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The Thames runs, bones rattle, rats creep;
Tiresias fancies a peep–
A typist is laid,
A record is played–
Wei la la. After this it gets deep.
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A Phoenician named Phlebas forgot
About birds and his business–the lot,
Which is no surprise,
Since he’d met his demise
And been left in the ocean to rot.
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No water. Dry rocks and dry throats,
Then thunder, a shower of quotes
From the Sanskrit and Dante.
Da. Damyata. Shantih.
I hope you’ll make sense of the notes.
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Bill Ellis will lead us on a reading and discussion of T.S. Eliot’s The Waste Land on April 26 and May 24. Listen to The Waste Land read by Alec Guinness.

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The Aftertaste of Bitterness

By John F. Deane

The Aftertaste of BitternessThe roof slopes steeply:

I am listening to Bach, the St John Passion: I live,

the pleasures of love enjoying, and thou

art dying. How the attic space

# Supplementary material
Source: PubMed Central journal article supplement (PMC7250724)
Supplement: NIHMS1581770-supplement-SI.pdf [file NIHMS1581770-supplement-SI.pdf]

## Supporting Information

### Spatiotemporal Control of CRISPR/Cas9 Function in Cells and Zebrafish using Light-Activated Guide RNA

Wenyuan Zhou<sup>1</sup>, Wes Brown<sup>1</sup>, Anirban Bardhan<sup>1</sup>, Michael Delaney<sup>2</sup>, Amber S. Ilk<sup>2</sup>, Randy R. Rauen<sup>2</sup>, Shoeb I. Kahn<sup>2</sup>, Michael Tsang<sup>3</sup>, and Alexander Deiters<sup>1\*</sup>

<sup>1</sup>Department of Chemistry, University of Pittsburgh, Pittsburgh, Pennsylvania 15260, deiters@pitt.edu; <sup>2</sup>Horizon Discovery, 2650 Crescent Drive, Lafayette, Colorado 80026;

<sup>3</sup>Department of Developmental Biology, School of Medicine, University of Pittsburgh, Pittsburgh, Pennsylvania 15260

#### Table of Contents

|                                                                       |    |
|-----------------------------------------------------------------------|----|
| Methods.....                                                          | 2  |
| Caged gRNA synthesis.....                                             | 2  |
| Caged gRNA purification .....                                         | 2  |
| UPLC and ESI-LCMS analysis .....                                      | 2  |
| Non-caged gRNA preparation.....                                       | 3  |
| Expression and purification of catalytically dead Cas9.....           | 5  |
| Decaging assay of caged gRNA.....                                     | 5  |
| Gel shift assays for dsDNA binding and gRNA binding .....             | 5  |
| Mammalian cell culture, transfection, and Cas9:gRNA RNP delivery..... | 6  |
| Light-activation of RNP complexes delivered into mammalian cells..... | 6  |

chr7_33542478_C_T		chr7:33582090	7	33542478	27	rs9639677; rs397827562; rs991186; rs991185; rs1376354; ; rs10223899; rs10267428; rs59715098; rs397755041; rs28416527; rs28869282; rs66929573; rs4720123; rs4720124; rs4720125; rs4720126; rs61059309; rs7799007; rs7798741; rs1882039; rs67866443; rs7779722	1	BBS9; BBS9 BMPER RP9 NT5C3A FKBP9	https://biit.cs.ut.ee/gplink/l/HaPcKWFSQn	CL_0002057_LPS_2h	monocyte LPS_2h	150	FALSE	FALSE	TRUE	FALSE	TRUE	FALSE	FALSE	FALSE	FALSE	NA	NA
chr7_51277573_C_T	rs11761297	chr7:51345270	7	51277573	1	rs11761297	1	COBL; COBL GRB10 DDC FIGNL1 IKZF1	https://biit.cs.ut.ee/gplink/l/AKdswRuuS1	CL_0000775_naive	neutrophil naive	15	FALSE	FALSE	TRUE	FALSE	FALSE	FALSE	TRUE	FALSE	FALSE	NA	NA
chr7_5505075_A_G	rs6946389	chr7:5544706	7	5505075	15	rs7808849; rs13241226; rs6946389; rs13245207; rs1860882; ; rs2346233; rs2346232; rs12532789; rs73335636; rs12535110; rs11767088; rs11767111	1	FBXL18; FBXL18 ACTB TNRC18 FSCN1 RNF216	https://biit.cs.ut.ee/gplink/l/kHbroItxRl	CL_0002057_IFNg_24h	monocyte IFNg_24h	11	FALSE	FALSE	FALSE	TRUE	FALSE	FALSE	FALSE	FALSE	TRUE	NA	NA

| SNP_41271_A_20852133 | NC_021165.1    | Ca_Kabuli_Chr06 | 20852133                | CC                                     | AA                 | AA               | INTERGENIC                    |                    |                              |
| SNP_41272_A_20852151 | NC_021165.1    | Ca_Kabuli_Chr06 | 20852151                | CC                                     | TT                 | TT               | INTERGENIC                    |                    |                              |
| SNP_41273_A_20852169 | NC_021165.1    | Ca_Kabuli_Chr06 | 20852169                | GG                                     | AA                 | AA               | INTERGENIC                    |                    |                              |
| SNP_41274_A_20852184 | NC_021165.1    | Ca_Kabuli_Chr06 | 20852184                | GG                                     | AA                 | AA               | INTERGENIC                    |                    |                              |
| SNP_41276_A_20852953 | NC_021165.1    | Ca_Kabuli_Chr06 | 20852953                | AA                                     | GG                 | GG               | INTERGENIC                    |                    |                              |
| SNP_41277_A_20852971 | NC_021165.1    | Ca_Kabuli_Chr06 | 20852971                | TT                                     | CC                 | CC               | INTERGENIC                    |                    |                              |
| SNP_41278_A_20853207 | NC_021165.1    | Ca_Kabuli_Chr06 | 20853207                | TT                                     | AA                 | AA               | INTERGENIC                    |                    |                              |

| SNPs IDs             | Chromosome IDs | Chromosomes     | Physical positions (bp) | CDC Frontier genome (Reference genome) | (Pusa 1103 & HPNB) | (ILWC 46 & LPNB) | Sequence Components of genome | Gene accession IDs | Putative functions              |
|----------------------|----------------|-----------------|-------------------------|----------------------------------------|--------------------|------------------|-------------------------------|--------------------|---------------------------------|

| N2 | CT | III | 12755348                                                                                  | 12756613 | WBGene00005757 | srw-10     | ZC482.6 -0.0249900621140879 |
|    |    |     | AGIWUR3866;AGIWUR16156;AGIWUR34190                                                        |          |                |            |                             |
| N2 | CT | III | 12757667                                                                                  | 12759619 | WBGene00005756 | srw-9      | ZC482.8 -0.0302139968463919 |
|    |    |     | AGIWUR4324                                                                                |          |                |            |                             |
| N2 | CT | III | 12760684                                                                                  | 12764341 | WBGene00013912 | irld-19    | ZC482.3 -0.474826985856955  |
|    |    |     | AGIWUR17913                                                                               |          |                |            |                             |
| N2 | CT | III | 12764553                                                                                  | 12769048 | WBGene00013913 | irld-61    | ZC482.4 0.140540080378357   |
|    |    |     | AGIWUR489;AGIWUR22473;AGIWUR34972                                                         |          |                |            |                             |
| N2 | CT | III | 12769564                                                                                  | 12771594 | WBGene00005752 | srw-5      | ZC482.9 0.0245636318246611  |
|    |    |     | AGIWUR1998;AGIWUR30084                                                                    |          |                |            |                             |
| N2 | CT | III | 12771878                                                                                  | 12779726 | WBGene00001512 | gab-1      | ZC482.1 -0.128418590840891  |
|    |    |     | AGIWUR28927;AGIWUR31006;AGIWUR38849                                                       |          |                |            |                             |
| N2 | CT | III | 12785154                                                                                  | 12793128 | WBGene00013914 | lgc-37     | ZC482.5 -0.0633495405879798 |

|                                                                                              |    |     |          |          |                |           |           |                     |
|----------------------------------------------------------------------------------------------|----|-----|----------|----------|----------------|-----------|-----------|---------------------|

has grown luxurious with the music, oboe
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d’amore, a thunder-storm, a dulcet

rending of the heart in sorrow; and I fill,

if only for a moment, with

transcendental energy. Clouds

through the skylight window shift, reform,
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there falls a huge knocking on the glass

from the opened sky. Peter’s

ham-fisted attempt at violence, the swung

sword; then the music of healing, the forgiving

hand. And what is truth? I’m drawn away
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by mating-shouts of pheasants

In the high grass outside. Bach’s slow chorales

lift the soul, through time, out

beyond time, till the music tells how death

is the perfect state of innocence.
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From The Instruments of Art, Carcanet 2005